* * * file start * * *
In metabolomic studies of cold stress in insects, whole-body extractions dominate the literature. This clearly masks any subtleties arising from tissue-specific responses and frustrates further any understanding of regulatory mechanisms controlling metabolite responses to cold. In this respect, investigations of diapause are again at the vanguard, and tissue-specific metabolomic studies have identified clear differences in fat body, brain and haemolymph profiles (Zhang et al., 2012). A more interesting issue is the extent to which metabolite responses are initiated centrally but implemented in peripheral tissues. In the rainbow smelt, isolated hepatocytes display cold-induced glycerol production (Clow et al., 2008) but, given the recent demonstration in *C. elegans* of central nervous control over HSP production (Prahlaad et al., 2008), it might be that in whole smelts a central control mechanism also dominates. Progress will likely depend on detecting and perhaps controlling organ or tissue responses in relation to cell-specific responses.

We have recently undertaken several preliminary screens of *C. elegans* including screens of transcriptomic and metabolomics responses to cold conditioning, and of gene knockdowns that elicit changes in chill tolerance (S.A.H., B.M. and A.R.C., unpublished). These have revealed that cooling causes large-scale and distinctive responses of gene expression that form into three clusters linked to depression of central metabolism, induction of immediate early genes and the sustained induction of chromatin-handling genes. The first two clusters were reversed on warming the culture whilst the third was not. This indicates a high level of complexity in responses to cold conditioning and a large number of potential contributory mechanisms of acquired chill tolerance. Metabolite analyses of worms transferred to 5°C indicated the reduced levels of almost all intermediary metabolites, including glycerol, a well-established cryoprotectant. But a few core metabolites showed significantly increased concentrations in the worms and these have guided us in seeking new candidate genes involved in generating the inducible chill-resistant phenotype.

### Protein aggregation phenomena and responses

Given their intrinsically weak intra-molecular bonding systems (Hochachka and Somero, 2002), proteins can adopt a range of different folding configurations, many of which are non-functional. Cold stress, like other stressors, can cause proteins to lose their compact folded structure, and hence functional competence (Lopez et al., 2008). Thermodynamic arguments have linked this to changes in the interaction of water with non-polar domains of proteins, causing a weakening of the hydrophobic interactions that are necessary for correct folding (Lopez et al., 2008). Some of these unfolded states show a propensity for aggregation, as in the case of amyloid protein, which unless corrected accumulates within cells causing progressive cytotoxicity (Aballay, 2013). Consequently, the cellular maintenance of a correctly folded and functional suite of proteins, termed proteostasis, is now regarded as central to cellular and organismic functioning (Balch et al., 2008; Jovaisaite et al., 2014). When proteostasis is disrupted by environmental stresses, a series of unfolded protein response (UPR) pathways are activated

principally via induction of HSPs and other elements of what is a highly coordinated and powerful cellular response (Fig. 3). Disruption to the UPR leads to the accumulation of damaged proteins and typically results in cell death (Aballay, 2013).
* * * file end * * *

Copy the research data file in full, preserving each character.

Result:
In metabolomic studies of cold stress in insects, whole-body extractions dominate the literature. This clearly masks any subtleties arising from tissue-specific responses and frustrates further any understanding of regulatory mechanisms controlling metabolite responses to cold. In this respect, investigations of diapause are again at the vanguard, and tissue-specific metabolomic studies have identified clear differences in fat body, brain and haemolymph profiles (Zhang et al., 2012). A more interesting issue is the extent to which metabolite responses are initiated centrally but implemented in peripheral tissues. In the rainbow smelt, isolated hepatocytes display cold-induced glycerol production (Clow et al., 2008) but, given the recent demonstration in *C. elegans* of central nervous control over HSP production (Prahlaad et al., 2008), it might be that in whole smelts a central control mechanism also dominates. Progress will likely depend on detecting and perhaps controlling organ or tissue responses in relation to cell-specific responses.

We have recently undertaken several preliminary screens of *C. elegans* including screens of transcriptomic and metabolomics responses to cold conditioning, and of gene knockdowns that elicit changes in chill tolerance (S.A.H., B.M. and A.R.C., unpublished). These have revealed that cooling causes large-scale and distinctive responses of gene expression that form into three clusters linked to depression of central metabolism, induction of immediate early genes and the sustained induction of chromatin-handling genes. The first two clusters were reversed on warming the culture whilst the third was not. This indicates a high level of complexity in responses to cold conditioning and a large number of potential contributory mechanisms of acquired chill tolerance. Metabolite analyses of worms transferred to 5°C indicated the reduced levels of almost all intermediary metabolites, including glycerol, a well-established cryoprotectant. But a few core metabolites showed significantly increased concentrations in the worms and these have guided us in seeking new candidate genes involved in generating the inducible chill-resistant phenotype.

### Protein aggregation phenomena and responses

Given their intrinsically weak intra-molecular bonding systems (Hochachka and Somero, 2002), proteins can adopt a range of different folding configurations, many of which are non-functional. Cold stress, like other stressors, can cause proteins to lose their compact folded structure, and hence functional competence (Lopez et al., 2008). Thermodynamic arguments have linked this to changes in the interaction of water with non-polar domains of proteins, causing a weakening of the hydrophobic interactions that are necessary for correct folding (Lopez et al., 2008). Some of these unfolded states show a propensity for aggregation, as in the case of amyloid protein, which unless corrected accumulates within cells causing progressive cytotoxicity (Aballay, 2013). Consequently, the cellular maintenance of a correctly folded and functional suite of proteins, termed proteostasis, is now regarded as central to cellular and organismic functioning (Balch et al., 2008; Jovaisaite et al., 2014). When proteostasis is disrupted by environmental stresses, a series of unfolded protein response (UPR) pathways are activated

principally via induction of HSPs and other elements of what is a highly coordinated and powerful cellular response (Fig. 3). Disruption to the UPR leads to the accumulation of damaged proteins and typically results in cell death (Aballay, 2013).